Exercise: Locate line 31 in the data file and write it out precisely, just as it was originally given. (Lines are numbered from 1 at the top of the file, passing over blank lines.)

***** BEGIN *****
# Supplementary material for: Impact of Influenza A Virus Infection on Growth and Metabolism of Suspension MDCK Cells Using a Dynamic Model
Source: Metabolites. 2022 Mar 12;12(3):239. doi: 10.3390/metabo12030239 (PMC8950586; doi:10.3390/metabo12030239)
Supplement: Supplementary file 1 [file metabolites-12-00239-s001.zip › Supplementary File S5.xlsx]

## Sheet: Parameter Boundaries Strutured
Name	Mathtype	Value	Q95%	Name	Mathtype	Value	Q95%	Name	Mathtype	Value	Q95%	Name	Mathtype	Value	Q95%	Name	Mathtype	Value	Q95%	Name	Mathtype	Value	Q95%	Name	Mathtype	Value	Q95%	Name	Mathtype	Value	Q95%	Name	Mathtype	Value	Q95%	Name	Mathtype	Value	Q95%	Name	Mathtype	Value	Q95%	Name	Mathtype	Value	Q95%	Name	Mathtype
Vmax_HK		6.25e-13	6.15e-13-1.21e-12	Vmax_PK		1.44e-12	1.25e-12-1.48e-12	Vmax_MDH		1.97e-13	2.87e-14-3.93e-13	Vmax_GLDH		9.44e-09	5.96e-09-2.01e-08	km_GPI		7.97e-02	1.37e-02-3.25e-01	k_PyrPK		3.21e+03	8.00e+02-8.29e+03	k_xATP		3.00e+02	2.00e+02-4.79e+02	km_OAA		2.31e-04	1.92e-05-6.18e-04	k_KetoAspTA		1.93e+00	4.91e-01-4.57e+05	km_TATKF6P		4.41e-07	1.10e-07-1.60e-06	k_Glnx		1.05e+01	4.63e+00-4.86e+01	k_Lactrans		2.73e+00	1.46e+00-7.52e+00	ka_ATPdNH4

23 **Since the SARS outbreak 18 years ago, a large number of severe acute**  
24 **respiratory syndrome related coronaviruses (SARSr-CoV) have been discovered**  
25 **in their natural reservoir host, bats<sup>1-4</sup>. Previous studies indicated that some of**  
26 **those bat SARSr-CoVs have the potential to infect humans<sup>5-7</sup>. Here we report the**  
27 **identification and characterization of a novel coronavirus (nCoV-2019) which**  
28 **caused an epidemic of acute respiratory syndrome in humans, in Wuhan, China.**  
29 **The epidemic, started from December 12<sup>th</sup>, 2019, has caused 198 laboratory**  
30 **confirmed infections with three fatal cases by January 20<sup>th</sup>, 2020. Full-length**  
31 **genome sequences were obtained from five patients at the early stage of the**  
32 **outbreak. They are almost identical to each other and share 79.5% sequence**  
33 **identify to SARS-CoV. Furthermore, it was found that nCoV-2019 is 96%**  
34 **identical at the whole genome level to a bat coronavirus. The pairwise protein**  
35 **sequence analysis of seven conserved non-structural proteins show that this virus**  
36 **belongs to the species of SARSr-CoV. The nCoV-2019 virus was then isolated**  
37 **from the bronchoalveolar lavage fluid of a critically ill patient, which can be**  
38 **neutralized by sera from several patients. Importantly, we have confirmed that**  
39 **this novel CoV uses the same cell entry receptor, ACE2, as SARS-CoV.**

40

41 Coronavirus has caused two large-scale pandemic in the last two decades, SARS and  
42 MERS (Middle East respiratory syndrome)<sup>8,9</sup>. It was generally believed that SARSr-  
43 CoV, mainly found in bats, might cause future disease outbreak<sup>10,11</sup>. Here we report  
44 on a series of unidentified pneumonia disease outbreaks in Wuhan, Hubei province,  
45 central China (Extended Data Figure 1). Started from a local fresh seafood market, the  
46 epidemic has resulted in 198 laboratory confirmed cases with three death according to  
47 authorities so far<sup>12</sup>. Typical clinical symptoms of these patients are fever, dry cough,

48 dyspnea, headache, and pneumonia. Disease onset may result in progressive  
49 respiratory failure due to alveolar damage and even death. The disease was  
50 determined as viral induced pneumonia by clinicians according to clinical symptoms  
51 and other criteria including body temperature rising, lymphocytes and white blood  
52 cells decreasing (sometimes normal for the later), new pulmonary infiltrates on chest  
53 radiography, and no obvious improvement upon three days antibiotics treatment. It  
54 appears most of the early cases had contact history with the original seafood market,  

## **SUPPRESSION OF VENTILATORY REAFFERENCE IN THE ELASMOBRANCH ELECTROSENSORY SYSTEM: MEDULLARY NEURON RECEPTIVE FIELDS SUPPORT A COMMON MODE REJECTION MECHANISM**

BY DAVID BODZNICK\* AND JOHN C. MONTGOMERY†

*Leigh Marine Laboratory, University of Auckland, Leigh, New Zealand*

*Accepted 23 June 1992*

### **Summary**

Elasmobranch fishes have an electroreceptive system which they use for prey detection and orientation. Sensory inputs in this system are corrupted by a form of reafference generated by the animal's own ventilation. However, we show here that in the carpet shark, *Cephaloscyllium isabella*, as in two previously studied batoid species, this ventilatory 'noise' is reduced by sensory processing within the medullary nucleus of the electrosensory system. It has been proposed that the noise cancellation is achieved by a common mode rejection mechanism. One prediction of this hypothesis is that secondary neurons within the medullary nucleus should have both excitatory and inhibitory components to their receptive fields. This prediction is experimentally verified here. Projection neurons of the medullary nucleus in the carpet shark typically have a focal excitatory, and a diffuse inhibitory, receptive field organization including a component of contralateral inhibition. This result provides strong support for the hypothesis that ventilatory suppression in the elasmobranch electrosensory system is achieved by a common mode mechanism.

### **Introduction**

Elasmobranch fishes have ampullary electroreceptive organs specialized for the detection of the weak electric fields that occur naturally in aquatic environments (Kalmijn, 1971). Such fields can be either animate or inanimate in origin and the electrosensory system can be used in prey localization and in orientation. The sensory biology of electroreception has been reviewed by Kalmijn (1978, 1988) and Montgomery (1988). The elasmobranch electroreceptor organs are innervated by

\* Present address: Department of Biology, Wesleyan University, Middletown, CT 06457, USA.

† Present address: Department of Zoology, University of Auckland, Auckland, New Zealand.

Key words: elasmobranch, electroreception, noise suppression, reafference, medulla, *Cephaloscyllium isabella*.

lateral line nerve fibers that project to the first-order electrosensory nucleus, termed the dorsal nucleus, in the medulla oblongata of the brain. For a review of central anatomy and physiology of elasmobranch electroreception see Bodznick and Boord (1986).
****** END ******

47 authorities so far<sup>12</sup>. Typical clinical symptoms of these patients are fever, dry cough,